Liberty University Invites Catholic Presidential Hopeful Jeb Bush to Address Students

BushLYNCHBURG, Va. — The world’s largest evangelical university welcomed practicing Roman Catholic and brother of former president George W. Bush to speak to students on spiritual matters on Saturday as he considers his run for president of the United States.

Jeb Bush, a former Episcopalian, converted to Roman Catholicism in 1996—the faith of his Mexican-born wife Columba. He spoke about religious freedom in America to over 30,000 students at Liberty University during this weekend’s commencement ceremony.

“How strange, in our own time, to hear Christianity spoken of as some sort of backward and oppressive force,” Bush said. “Outside these seven thousand acres of shared conviction, it’s a depressing fact that when some people think of Christianity and of Judeo-Christian values, they think of something static, narrow, and outdated.”

“We can take this as unfair criticism, as it typically is, or we can take it as further challenge to show in our lives the most dynamic, inclusive, and joyful message that ever came into the world,” he continued. “These are the days, as Chesterton remarked, in which Christians are expected to praise every faith but their own.”

Bush made reference to Roman Catholic figures in his speech on a few occasions, stating that Christianity is “a voice like no other, whether it is captured on scrolls and paper, or in bits of data; seen in the example of Francis the saint, or of Francis the pope…”

He also spoke of recent situations where the government has applied unjust requirements on religious groups, such the Obamacare abortion pill mandate, which was challenged by a number of faith-based entities, including the Catholic organization Little Sisters of the Poor.

“So we find officials in a major city demanding that pastors turn over copies of their sermons. Or federal judges mistaking themselves for elected legislators, and imposing restrictions and rights that do not exist in the Constitution,” Bush said. “Or an agency dictating to a Catholic charity, the Little Sisters of the Poor, what has to go in their health plan—and never mind objections of conscience.”

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“I don’t know about you, but I’m betting that when it comes to doing the right and good thing, the Little Sisters of the Poor know better than the regulators at the Department of Health and Human Services,” he continued. “From the standpoint of religious freedom, you might even say it’s a choice between the Little Sisters and Big Brother—and I’m going with the Sisters.”

While the former governor of Florida did not mention his potential run for president, he did outline whether or not he believes one’s faith should influence their decisions in government. He stated that he believes a variety of religions—as well as unbelievers—share common moral values.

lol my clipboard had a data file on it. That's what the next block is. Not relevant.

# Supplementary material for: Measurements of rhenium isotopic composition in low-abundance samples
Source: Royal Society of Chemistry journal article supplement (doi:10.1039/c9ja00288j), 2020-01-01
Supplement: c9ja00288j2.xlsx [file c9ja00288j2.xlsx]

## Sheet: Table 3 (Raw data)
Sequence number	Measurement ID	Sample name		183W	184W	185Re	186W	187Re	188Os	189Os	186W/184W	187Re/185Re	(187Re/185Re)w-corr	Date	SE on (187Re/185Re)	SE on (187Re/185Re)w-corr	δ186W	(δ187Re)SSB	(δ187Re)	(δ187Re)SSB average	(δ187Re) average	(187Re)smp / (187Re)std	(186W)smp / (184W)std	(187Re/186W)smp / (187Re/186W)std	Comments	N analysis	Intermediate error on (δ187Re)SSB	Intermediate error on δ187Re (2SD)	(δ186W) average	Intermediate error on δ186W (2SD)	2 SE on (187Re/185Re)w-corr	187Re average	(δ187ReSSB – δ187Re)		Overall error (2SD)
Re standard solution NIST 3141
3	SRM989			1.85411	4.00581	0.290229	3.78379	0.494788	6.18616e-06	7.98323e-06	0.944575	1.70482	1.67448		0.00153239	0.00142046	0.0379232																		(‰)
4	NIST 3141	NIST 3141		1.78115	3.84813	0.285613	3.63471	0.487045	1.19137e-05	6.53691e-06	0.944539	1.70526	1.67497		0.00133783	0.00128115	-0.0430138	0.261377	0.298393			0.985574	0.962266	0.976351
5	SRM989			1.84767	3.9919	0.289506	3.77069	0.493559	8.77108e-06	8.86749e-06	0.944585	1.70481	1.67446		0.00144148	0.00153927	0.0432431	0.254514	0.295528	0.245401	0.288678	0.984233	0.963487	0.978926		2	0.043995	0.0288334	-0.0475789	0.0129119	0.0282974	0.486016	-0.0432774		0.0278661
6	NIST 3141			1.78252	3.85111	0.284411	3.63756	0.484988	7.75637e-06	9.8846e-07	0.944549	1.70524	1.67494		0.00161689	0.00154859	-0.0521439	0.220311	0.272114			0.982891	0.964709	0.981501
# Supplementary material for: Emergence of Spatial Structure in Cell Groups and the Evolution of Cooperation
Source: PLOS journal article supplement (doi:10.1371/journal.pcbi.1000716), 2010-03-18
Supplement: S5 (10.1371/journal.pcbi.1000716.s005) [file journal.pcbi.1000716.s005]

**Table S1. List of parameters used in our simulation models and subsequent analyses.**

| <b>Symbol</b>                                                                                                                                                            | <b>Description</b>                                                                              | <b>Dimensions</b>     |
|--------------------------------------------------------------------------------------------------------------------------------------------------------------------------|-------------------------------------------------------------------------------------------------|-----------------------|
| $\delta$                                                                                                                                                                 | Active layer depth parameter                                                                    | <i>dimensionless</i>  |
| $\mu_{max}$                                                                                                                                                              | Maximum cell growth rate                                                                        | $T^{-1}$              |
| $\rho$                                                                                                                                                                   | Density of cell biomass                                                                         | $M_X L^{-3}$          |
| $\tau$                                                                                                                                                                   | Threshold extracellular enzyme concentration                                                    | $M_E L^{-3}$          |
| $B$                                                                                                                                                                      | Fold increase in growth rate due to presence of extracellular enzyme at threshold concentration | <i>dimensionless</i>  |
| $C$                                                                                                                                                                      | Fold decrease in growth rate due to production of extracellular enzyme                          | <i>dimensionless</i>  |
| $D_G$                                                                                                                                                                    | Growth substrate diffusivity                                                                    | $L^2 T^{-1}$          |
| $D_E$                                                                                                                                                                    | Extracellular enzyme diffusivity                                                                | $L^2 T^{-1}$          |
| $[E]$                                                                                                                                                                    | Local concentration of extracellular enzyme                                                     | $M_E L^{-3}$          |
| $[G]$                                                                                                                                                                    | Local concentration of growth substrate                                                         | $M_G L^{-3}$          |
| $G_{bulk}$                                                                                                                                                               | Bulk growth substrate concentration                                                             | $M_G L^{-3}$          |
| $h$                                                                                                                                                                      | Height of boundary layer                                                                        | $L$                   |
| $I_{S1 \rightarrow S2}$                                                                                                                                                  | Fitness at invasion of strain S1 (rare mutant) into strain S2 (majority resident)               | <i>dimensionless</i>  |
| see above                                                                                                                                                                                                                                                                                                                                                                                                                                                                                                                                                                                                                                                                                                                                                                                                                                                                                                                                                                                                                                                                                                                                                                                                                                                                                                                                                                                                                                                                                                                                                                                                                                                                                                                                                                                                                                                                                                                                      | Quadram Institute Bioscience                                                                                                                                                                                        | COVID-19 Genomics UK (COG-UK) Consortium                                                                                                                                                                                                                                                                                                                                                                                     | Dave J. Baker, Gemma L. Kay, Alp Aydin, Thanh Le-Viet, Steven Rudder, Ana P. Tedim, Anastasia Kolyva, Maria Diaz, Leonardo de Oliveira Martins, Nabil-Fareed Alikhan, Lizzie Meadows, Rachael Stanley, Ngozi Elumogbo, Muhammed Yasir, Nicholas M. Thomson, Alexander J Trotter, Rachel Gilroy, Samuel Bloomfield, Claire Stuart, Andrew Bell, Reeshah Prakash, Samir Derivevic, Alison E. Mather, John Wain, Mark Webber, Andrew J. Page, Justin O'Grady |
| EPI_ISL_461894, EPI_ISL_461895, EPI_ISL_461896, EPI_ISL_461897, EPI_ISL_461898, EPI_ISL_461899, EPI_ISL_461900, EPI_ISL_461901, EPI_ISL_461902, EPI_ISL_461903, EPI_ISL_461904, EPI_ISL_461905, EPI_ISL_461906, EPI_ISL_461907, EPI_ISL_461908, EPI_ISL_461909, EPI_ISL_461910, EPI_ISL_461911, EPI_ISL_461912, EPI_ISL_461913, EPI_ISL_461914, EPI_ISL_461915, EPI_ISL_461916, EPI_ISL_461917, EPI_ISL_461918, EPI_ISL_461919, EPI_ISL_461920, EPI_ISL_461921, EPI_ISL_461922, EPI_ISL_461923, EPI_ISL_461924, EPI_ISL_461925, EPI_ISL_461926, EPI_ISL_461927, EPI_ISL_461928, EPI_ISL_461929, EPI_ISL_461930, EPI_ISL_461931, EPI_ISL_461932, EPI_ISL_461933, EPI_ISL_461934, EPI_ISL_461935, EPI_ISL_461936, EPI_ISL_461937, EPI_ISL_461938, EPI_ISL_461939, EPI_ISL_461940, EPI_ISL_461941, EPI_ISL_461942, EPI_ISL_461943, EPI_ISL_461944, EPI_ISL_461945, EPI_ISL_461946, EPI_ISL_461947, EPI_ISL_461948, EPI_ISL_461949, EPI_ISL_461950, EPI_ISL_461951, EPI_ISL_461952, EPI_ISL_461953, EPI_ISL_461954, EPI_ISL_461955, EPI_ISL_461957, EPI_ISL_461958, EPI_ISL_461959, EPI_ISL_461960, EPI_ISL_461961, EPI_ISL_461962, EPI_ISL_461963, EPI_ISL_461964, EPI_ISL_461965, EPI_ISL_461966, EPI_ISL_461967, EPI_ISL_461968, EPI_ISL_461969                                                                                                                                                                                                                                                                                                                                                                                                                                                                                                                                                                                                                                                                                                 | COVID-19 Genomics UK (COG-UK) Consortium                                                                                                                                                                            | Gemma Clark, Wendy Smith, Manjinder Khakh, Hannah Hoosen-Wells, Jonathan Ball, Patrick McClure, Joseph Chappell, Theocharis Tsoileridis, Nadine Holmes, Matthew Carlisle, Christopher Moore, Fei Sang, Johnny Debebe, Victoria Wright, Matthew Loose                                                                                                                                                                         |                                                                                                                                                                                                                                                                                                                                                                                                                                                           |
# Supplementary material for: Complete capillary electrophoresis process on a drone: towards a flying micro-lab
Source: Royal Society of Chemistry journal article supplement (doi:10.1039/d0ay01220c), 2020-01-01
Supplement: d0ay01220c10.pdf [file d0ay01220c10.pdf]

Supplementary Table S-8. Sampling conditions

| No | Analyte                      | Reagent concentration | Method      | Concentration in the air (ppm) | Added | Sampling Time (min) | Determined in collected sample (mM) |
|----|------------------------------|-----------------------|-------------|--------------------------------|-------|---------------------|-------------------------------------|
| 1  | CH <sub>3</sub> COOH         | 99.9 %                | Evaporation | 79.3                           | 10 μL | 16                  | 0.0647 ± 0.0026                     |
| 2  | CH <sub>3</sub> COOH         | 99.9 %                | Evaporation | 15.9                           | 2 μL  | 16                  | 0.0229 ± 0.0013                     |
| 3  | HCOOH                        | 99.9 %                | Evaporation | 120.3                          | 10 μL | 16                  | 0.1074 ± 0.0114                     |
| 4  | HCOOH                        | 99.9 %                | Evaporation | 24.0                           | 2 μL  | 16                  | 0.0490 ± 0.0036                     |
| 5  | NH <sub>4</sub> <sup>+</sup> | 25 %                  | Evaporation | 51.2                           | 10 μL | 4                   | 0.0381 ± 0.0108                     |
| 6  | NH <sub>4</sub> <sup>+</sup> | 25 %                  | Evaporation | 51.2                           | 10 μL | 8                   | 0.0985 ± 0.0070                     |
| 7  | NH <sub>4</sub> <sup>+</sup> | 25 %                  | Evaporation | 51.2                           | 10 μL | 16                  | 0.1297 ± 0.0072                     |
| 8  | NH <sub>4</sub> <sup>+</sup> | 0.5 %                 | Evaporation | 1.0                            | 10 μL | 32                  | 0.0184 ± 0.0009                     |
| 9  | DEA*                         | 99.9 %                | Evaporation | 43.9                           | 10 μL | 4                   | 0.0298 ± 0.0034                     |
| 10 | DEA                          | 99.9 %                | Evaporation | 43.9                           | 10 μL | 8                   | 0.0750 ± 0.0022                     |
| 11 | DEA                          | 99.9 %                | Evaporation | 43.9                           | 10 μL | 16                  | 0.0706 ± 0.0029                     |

“It can be a touchy subject, and I am asked sometimes whether I would ever allow my decisions in government to be influenced by my Christian faith. Whenever I hear this, I know what they want me to say,” he stated. “The simple and safe reply is, “No. Never. Of course not.” If the game is political correctness, that’s the answer that moves you to the next round. The endpoint is a certain kind of politician we’ve all heard before—the guy whose moral convictions are so private, so deeply personal, that he refuses even to impose them on himself.”

“The mistake is to confuse points of theology with moral principles that are knowable to reason as well as by faith,” Bush said. “And this confusion is all part of a false narrative that casts religious Americans as intolerant scolds, running around trying to impose their views on everyone.”

He therefore called for unity between those of different beliefs, as well as those those who do not profess any faith.

“There is so much that we share in common, across all the lines of region, religion, and demography that are constantly being talked about,” Bush stated. “In my experience, at least, you generally find the same good instincts, fair-mindedness, and easygoing spirit among Americans of every type—including, of course, the many who belong to no church at all.”

“That’s a lot to work with, if the aim is to accept differences instead of exploiting them, and get on with life in this free country,” he said.

Liberty University has invited other Roman Catholics to address students in the past, including Louisiana Gov. Bobby Jindal and former Congressman Newt Gingrich, as well as Mormons such as Glenn Beck and Mitt Romney.

Some expressed concern over this pattern following Bush’s appearance, including JD Hall of Pulpit & Pen.

“It would be one thing if a speaker like Jeb Bush came onto the stage and discussed his political aspirations, gave political commentary, and provided political solutions. But that’s not exclusively what happened,” he wrote. “Instead, rather, Bush merged politics with what he calls Christianity—which problematically is the Roman Catholic church.”

“For Jeb Bush, Roman Catholicism is the same as Christianity and he’s using the terms interchangeably from an ostensibly Christian podium,” he stated. “And tragically (but predictably), no one at the Christian university corrected him.”


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